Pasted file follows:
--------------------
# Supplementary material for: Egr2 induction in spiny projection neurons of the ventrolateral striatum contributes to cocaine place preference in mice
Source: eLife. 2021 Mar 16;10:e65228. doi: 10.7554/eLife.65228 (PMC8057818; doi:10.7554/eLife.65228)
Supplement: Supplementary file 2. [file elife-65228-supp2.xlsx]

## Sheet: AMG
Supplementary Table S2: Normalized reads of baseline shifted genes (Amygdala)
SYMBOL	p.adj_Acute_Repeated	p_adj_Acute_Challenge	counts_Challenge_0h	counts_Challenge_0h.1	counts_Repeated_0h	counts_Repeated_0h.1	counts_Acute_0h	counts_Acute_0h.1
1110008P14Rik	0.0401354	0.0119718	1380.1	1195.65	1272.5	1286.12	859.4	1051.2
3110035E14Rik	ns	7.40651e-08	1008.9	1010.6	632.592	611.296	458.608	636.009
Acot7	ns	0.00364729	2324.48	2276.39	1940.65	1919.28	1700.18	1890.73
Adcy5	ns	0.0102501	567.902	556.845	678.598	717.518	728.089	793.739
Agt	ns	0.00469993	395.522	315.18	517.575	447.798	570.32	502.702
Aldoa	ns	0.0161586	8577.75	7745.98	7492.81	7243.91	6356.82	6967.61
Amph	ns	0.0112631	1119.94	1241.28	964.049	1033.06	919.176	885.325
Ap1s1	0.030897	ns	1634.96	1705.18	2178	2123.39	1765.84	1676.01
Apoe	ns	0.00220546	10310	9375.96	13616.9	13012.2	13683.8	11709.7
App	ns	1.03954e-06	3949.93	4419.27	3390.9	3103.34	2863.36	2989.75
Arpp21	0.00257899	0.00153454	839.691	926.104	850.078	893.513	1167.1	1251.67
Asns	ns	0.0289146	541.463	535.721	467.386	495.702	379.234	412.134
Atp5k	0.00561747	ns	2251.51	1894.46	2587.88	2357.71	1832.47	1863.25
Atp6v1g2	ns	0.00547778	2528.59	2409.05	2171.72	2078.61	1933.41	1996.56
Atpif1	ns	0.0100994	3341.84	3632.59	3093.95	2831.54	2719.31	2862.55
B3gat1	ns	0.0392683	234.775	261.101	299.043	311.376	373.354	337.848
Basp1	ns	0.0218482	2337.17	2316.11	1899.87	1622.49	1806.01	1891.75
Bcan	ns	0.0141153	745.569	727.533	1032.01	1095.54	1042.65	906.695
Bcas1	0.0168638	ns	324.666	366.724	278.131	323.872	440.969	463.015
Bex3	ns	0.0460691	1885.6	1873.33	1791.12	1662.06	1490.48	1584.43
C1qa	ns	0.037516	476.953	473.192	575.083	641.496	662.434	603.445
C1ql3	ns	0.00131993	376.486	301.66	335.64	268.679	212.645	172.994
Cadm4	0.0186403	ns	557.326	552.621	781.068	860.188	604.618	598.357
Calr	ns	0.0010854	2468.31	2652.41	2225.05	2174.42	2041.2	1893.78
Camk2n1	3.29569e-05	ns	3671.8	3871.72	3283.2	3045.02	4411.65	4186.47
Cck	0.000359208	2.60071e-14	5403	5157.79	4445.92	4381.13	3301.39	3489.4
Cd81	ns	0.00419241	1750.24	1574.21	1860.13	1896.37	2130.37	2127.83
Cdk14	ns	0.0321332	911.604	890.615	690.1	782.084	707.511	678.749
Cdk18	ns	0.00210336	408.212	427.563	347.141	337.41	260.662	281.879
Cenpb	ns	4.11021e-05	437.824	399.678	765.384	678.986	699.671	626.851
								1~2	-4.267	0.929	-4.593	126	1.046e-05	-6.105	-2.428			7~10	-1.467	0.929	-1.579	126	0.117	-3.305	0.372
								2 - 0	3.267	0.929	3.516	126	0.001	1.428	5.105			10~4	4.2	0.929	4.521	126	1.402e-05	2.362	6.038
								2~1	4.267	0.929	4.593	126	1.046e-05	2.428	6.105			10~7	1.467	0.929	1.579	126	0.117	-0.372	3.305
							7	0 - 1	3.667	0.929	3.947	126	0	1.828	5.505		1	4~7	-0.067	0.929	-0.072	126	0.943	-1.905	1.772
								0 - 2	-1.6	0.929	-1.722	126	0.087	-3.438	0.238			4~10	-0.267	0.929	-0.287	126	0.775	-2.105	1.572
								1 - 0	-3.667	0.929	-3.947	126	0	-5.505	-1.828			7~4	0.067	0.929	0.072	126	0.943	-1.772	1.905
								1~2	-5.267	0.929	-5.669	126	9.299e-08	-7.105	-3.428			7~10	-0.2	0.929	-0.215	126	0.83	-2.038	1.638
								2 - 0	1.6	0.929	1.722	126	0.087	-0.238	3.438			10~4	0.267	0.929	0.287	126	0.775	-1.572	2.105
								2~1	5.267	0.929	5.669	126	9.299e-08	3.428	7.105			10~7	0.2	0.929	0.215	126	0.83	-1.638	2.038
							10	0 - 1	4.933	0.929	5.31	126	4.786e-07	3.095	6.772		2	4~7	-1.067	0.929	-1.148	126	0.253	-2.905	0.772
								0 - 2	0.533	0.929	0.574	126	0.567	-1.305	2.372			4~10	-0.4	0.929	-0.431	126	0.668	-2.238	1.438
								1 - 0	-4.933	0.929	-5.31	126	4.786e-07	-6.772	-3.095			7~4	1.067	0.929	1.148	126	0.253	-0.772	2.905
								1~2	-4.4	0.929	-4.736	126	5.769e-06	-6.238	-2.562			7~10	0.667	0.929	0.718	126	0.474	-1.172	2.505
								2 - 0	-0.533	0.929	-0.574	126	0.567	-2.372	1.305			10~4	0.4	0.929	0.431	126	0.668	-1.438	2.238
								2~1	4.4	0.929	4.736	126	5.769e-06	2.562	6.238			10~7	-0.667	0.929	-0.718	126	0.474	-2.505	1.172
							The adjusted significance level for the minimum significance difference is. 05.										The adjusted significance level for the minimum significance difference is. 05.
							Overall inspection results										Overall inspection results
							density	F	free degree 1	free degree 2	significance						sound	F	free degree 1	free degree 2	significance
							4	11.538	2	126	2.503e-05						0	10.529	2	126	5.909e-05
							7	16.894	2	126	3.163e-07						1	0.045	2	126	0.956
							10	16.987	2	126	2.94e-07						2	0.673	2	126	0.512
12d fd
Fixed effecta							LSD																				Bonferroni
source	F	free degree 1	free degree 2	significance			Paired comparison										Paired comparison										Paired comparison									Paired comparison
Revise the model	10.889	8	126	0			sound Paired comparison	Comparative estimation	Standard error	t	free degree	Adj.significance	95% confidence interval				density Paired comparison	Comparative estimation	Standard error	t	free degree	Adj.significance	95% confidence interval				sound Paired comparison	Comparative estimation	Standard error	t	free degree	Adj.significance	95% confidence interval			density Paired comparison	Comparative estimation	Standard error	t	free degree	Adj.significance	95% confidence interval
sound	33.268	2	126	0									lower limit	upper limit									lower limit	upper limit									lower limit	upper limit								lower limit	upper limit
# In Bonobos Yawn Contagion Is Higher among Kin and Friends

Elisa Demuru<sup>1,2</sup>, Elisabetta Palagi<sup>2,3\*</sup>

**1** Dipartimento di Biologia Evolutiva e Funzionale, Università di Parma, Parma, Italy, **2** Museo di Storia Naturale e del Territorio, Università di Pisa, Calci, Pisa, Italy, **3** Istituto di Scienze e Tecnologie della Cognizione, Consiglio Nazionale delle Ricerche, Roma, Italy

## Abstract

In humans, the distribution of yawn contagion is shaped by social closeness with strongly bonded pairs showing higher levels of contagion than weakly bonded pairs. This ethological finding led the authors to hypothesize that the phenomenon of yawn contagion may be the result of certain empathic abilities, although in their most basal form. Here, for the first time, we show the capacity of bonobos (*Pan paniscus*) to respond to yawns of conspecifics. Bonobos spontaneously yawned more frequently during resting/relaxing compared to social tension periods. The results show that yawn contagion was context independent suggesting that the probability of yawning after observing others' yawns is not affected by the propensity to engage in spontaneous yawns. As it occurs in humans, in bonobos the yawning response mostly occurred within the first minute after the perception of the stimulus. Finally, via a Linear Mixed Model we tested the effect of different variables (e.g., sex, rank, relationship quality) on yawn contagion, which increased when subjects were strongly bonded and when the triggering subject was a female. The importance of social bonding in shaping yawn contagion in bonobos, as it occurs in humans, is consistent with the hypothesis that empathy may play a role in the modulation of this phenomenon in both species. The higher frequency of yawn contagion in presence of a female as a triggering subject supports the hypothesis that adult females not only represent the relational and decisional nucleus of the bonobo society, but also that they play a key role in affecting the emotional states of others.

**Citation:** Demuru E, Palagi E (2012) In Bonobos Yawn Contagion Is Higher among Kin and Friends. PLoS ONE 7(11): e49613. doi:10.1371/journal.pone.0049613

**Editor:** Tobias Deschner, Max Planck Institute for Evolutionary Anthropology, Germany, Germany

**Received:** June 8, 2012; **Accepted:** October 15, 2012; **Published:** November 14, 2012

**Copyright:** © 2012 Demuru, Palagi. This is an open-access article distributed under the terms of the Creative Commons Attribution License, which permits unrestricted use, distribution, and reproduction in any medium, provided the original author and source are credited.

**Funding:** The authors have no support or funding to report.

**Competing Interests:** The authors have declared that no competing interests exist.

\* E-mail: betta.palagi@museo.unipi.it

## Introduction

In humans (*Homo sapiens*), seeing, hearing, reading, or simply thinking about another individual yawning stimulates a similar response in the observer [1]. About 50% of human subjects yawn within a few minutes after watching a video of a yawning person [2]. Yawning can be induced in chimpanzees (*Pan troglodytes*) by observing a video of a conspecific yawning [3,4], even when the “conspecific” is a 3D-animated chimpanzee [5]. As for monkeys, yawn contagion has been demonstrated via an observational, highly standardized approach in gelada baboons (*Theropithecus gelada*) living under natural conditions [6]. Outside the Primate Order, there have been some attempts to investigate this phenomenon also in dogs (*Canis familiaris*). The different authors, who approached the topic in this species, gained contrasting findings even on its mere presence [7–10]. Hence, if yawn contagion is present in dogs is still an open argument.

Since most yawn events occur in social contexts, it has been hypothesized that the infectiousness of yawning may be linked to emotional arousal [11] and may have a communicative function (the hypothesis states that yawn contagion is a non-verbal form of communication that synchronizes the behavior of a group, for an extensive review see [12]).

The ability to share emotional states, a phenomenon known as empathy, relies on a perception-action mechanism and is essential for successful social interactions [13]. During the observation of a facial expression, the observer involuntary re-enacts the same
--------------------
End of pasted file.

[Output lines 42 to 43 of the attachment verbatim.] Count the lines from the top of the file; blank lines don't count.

								1 - 0	-3.667	0.929	-3.947	126	0	-5.505	-1.828			7~4	0.067	0.929	0.072	126	0.943	-1.772	1.905
								1~2	-5.267	0.929	-5.669	126	9.299e-08	-7.105	-3.428			7~10	-0.2	0.929	-0.215	126	0.83	-2.038	1.638